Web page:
Two linked issues are driving the ongoing saga. The first came to light last summer, when an investigation found problems with how the Broward Sheriff’s Office crime laboratory was interpreting complex samples, which contain DNA from more than one person. With its accreditation threatened, the lab last July ceased reporting those complex samples and instead began sending them to outside experts.

In United States v. Battles, No. 20140399 (A. Ct. Crim. App. 31 May 2017), the court asked:

Where in the World is Captain Danenberger?

That he is named in the court opinion will tell the lawyer that this is a bad story.  “After conclusion of appellant’s trial, an embarrassing and unnecessary sideshow unfolded. The central figure in this drama is PFC LL’s SVC—Captain (CPT) John Danenberger. While we will explain in more depth, CPT Danenberger essentially mislead various individuals about his whereabouts, missed a court hearing, and then tried to deflect blame by breaching his duties to his client by implying his client had been untruthful in her testimony. While CPT Danenberger’s lack of candor was the fuel for this conflagration and his breach of professional standards was the spark that set it ablaze, the resulting fire likely should have been quickly extinguished. Instead, a multi-month drama unfolded.”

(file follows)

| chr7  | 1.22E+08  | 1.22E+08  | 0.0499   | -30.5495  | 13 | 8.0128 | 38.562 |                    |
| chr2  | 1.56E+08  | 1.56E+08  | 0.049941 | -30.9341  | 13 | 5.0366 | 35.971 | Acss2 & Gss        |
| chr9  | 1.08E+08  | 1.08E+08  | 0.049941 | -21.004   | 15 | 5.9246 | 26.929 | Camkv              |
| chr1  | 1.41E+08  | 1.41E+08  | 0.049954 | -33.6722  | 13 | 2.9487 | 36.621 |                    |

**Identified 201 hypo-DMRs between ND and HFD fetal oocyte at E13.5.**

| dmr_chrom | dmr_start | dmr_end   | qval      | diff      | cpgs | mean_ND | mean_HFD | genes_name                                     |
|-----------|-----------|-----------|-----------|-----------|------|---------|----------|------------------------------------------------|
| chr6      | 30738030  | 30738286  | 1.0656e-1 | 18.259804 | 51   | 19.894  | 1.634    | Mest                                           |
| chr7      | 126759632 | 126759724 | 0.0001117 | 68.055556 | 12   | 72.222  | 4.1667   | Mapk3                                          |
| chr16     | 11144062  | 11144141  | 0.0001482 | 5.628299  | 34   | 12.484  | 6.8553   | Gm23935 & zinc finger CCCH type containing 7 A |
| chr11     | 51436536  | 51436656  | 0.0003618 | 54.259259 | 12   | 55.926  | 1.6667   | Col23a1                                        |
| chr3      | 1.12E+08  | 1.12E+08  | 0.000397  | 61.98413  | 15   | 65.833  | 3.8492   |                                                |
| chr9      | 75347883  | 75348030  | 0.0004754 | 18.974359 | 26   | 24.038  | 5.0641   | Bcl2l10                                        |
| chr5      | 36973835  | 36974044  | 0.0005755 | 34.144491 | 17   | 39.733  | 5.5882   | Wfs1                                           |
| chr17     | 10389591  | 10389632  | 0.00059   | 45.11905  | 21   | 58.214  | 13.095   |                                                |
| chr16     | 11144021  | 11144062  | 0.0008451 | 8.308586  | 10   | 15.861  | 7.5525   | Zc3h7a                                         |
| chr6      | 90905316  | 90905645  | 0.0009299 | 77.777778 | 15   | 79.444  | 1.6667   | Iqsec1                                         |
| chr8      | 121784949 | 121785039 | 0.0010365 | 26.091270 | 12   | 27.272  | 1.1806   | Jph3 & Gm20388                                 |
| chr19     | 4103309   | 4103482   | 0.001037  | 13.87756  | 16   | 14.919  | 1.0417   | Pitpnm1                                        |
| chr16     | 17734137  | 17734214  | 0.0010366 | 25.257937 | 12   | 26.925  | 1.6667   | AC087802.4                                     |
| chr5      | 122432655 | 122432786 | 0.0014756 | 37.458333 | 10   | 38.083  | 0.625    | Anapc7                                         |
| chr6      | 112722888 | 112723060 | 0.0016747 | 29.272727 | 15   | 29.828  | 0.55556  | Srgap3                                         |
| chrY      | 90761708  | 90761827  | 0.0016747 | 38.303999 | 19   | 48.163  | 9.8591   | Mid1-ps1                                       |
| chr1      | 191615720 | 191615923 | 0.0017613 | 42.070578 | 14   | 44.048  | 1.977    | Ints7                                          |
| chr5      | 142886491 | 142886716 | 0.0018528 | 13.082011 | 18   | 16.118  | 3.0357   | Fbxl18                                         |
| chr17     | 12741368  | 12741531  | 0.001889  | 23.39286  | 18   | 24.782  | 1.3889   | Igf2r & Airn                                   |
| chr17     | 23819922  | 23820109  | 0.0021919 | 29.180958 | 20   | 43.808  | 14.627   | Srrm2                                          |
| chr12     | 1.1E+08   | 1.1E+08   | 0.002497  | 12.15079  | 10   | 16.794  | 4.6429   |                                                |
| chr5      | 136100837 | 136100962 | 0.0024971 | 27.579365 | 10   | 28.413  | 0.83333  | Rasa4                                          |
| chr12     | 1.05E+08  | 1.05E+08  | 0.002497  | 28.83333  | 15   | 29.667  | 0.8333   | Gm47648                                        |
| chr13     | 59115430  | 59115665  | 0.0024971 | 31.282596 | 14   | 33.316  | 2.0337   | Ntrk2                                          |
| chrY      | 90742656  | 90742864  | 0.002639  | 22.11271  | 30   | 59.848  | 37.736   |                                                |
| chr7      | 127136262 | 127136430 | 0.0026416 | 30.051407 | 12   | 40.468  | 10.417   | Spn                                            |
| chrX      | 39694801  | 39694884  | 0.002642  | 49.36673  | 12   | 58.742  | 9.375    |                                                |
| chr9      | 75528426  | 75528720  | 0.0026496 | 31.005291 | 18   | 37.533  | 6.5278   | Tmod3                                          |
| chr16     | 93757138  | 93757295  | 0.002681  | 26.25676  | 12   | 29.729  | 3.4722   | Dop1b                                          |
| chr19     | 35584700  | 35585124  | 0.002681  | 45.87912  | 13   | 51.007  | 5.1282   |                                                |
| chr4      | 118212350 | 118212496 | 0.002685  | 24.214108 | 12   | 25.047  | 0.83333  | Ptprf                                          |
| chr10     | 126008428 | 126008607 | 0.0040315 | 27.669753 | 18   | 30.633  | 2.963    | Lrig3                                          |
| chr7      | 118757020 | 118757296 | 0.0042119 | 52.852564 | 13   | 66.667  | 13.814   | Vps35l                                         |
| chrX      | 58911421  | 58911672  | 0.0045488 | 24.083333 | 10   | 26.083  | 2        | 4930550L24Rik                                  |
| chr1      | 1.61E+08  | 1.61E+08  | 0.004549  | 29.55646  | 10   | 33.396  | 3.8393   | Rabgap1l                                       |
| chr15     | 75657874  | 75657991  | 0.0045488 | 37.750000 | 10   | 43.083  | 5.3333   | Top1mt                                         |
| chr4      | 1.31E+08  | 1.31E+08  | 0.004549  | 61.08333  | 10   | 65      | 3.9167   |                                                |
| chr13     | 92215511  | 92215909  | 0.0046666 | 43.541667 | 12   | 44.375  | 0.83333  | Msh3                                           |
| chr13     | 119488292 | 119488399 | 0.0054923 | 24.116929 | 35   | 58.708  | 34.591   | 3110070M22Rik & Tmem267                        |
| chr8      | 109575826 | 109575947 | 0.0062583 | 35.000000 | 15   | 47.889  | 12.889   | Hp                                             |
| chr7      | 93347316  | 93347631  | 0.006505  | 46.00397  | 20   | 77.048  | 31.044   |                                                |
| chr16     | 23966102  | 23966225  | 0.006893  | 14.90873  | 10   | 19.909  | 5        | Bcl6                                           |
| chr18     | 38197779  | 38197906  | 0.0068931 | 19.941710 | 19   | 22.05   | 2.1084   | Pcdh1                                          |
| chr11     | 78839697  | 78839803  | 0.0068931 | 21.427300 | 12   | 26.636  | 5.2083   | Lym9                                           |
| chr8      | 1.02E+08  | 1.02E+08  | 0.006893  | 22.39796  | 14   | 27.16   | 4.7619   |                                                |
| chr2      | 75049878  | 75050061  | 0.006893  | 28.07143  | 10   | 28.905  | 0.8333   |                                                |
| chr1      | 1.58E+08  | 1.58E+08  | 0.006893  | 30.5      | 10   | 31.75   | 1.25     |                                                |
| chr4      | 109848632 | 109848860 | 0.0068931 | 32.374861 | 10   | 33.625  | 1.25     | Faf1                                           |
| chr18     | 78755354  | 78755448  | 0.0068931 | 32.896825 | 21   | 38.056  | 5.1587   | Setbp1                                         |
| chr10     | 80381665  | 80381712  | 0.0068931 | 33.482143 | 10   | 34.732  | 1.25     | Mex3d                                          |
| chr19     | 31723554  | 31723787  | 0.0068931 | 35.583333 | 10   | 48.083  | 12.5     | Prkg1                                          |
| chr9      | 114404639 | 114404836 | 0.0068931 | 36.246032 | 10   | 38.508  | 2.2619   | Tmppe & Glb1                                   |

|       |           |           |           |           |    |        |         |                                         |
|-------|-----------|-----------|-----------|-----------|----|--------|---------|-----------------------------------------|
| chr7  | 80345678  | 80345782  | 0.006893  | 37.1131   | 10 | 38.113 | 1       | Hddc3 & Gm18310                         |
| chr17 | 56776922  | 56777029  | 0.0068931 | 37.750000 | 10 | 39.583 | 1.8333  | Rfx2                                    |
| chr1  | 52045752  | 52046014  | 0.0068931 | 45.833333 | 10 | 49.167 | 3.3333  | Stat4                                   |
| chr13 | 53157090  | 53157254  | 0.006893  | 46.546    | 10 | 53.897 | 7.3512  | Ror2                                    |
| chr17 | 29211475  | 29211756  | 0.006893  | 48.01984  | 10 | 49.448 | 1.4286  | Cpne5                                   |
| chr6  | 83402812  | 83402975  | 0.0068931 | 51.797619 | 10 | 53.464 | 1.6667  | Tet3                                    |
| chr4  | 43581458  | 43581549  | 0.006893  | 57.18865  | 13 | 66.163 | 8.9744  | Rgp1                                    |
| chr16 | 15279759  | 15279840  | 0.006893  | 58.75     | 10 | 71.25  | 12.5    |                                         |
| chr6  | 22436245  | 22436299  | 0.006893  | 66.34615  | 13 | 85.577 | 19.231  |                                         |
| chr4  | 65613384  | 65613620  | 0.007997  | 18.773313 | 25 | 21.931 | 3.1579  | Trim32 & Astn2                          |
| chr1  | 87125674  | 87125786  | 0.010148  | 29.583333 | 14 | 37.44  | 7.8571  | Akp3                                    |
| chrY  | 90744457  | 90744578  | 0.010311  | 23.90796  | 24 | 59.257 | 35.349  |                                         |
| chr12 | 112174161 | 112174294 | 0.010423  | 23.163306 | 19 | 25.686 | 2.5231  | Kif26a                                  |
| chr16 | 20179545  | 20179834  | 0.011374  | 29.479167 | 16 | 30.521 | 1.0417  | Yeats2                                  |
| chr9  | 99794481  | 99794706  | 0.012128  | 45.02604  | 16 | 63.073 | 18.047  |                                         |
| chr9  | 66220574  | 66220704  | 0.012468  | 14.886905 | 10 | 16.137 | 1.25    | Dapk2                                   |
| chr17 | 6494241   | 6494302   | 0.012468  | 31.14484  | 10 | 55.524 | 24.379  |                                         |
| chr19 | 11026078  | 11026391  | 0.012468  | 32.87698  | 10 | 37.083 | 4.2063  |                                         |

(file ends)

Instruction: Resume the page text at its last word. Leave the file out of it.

David F. Jacobs, Fifth Amendment in the Digital World, 43 THE REPORTER 2 (2017). This should be read considering the recent Air Force Article 62, UCMJ, appeal in United States v. Blatney, Misc. Dkt. No. 2016-16 (A.F. Ct. Crim. App. 22 May 2017) (unpub.). In Blatney the OSI gained consent to search the accused’s phone and also had him agree to “unlock” the phone.  See also, United States v. Robinson, No. ACM 38942 (A.F. Ct. Crim. App. 15 May 2017)(unpub.).